Morris says the beta version his practice is trying out allows parents to pull continuity-of-care documents (CCDs) about their child's care from the EHR and into HealthVault. Parents also can hook up their child's glucose monitor - and soon, other home health devices - to electronically enter data into the PHR to share with the child's medical team.

The pilot projects hope to overcome a barrier hobbling the prospects of free-standing, or "untethered," PHRs - lack of tight integration with a patient's clinical records and his provider's website.

Any individual can use HealthVault on the Web or via apps to create untethered accounts. But because HealthVault also supports common exchange formats, like CCDs, it essentially becomes a tethered system capable of electronically connecting with home health devices and a configured EHR.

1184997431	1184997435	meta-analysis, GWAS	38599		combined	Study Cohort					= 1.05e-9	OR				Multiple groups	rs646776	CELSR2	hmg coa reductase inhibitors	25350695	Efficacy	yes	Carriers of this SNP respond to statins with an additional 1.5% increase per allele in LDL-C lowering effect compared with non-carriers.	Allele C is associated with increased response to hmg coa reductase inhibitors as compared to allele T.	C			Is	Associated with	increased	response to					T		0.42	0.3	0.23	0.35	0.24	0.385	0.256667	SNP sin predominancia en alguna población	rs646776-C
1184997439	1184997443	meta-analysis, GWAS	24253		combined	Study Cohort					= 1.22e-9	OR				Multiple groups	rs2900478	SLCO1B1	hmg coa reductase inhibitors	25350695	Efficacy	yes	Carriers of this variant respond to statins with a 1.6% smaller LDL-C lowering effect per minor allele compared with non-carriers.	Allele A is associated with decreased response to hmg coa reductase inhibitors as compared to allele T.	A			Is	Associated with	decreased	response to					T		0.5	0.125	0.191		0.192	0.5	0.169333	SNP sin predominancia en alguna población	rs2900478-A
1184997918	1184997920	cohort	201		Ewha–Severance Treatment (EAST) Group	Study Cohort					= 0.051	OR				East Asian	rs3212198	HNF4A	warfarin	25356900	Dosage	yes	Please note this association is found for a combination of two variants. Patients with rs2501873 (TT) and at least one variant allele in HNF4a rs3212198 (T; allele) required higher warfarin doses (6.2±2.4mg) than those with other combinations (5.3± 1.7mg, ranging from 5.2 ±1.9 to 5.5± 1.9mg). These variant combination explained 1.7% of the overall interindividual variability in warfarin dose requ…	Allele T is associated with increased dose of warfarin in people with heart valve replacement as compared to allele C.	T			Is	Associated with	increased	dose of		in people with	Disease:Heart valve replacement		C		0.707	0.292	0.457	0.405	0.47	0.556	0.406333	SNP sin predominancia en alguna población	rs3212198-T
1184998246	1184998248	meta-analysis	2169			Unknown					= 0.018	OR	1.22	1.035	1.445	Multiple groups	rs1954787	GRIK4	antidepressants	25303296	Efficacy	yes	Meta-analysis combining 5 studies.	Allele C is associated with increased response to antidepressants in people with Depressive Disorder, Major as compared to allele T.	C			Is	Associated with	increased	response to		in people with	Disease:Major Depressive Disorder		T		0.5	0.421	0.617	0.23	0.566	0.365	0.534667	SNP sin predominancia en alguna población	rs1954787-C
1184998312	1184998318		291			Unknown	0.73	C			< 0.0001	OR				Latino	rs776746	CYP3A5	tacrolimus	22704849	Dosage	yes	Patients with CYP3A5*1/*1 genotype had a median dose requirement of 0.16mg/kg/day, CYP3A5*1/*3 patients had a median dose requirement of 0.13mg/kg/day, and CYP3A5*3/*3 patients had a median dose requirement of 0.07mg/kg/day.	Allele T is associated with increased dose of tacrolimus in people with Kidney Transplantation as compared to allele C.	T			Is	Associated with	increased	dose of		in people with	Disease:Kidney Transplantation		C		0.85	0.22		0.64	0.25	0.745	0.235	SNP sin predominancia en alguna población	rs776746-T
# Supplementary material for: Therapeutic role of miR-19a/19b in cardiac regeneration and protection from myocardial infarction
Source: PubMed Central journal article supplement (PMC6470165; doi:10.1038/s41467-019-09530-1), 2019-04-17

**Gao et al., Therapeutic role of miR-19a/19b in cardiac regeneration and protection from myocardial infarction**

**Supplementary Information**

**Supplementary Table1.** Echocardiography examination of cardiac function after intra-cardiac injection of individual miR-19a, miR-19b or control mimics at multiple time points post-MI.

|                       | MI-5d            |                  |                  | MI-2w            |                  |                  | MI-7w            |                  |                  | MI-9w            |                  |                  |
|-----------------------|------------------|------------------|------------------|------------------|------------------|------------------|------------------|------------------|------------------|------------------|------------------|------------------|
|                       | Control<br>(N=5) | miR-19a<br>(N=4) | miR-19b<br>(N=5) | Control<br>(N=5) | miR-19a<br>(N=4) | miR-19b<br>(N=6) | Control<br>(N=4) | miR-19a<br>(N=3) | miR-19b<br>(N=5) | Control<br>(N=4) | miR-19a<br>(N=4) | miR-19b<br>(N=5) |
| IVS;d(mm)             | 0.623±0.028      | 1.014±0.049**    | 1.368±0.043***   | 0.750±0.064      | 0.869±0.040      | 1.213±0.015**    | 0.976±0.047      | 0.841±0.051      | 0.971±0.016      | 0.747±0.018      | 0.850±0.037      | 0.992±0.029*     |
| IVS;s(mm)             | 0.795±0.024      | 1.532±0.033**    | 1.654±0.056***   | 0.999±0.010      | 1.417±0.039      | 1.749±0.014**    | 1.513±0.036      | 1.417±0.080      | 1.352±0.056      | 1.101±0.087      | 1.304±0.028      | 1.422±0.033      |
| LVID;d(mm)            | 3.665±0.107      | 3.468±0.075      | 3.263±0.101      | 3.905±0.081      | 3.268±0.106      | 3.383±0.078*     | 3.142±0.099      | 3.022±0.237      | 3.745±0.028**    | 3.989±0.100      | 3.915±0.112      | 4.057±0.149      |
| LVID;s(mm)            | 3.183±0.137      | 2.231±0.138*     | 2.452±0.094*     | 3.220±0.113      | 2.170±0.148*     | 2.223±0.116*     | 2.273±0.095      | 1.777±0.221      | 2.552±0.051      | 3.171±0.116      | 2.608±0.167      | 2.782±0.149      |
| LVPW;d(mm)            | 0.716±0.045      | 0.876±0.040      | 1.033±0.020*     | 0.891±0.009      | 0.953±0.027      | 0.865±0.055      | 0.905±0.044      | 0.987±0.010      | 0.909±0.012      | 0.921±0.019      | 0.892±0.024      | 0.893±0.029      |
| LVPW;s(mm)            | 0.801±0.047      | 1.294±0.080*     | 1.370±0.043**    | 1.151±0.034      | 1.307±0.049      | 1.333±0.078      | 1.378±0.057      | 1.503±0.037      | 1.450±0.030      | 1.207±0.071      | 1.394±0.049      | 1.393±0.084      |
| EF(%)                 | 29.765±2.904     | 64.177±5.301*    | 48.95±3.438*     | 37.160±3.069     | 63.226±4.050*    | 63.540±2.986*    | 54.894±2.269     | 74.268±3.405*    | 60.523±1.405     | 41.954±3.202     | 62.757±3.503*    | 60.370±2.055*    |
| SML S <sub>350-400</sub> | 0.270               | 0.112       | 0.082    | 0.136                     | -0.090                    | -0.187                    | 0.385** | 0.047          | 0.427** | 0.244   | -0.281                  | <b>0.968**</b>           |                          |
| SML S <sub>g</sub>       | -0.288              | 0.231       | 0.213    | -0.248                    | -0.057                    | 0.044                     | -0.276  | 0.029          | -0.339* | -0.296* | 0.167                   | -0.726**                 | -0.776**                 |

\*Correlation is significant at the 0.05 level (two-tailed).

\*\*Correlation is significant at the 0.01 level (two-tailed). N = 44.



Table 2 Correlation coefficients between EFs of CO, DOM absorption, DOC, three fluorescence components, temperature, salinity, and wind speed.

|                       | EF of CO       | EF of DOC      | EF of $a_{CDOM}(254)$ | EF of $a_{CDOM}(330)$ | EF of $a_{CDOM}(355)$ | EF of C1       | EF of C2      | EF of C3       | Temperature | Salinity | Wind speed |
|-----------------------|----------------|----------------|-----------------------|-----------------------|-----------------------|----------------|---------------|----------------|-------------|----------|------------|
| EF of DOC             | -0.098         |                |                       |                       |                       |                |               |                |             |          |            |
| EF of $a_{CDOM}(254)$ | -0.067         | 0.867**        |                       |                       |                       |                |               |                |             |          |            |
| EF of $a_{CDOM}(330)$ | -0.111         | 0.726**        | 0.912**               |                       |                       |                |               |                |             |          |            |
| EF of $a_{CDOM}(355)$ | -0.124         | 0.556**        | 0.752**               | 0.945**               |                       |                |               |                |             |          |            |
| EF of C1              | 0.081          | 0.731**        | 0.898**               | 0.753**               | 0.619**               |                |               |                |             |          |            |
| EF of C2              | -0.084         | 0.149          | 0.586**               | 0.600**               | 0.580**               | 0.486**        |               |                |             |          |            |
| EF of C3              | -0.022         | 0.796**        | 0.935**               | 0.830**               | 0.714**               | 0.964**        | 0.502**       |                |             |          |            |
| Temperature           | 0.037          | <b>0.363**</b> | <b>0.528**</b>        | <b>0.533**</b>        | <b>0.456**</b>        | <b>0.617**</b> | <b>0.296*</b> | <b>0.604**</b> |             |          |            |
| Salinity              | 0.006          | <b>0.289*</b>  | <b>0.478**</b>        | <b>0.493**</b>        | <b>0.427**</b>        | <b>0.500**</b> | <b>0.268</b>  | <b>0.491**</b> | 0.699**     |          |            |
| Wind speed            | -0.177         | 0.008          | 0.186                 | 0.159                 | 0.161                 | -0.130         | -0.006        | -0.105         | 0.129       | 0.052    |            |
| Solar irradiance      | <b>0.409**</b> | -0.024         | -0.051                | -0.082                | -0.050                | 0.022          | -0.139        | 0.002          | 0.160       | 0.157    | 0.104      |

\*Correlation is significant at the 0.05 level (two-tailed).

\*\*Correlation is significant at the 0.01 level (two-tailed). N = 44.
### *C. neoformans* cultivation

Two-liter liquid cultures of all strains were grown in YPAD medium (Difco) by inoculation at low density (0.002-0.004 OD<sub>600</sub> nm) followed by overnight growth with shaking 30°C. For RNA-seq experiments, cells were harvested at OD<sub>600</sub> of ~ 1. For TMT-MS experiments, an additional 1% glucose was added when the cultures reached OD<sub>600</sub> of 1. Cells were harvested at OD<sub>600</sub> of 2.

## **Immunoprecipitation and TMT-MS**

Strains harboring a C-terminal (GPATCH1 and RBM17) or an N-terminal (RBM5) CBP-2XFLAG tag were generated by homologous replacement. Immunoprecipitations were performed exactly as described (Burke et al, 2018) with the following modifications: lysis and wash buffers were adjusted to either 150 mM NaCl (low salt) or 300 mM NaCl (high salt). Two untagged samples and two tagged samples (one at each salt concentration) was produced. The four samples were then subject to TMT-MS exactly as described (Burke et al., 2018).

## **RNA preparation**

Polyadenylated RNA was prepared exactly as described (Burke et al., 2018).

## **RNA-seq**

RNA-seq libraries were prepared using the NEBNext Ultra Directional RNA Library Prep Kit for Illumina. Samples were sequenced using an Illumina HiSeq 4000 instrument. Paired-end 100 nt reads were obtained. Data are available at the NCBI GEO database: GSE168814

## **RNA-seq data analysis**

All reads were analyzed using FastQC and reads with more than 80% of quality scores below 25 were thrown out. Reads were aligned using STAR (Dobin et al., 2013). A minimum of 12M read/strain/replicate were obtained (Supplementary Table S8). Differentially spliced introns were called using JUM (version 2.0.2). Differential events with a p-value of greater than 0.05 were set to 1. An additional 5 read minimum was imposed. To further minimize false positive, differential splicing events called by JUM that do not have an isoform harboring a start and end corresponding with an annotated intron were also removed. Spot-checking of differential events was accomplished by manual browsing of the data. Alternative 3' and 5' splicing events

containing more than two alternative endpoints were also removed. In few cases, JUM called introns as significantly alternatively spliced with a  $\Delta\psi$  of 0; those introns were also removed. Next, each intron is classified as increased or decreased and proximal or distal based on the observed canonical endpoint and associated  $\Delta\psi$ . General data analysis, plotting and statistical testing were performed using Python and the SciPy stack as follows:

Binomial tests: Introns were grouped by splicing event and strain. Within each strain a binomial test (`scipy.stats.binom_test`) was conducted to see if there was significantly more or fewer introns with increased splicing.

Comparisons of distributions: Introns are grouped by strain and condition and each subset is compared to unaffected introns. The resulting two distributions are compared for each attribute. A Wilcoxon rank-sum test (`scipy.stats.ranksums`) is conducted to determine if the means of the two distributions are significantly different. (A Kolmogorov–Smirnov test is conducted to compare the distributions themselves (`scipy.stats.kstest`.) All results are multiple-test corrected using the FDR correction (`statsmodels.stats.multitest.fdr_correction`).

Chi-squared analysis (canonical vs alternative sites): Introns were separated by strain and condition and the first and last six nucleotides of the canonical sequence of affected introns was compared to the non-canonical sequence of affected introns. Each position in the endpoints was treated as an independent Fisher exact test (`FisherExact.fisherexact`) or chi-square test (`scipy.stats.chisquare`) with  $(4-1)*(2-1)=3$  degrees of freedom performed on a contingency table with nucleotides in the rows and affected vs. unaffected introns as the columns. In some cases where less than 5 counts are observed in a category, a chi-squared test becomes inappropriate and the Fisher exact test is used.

Information-rich source

When a PHR system is tied to a practice's EHR via a website it becomes a powerful tool, capable of drawing in patients to schedule appointments, view test results, renew prescriptions, and send messages to their physicians, says Johnathan Samples, executive vice president of research and development for Greenway Medical, which focuses its product line on the ambulatory care market.

"We're seeing the personal health record grow from just a single standalone repository of information to a system that is interoperable with other devices and mobile applications," Samples says. "The inputs are coming from a multitude of entities, not just the electronic health record."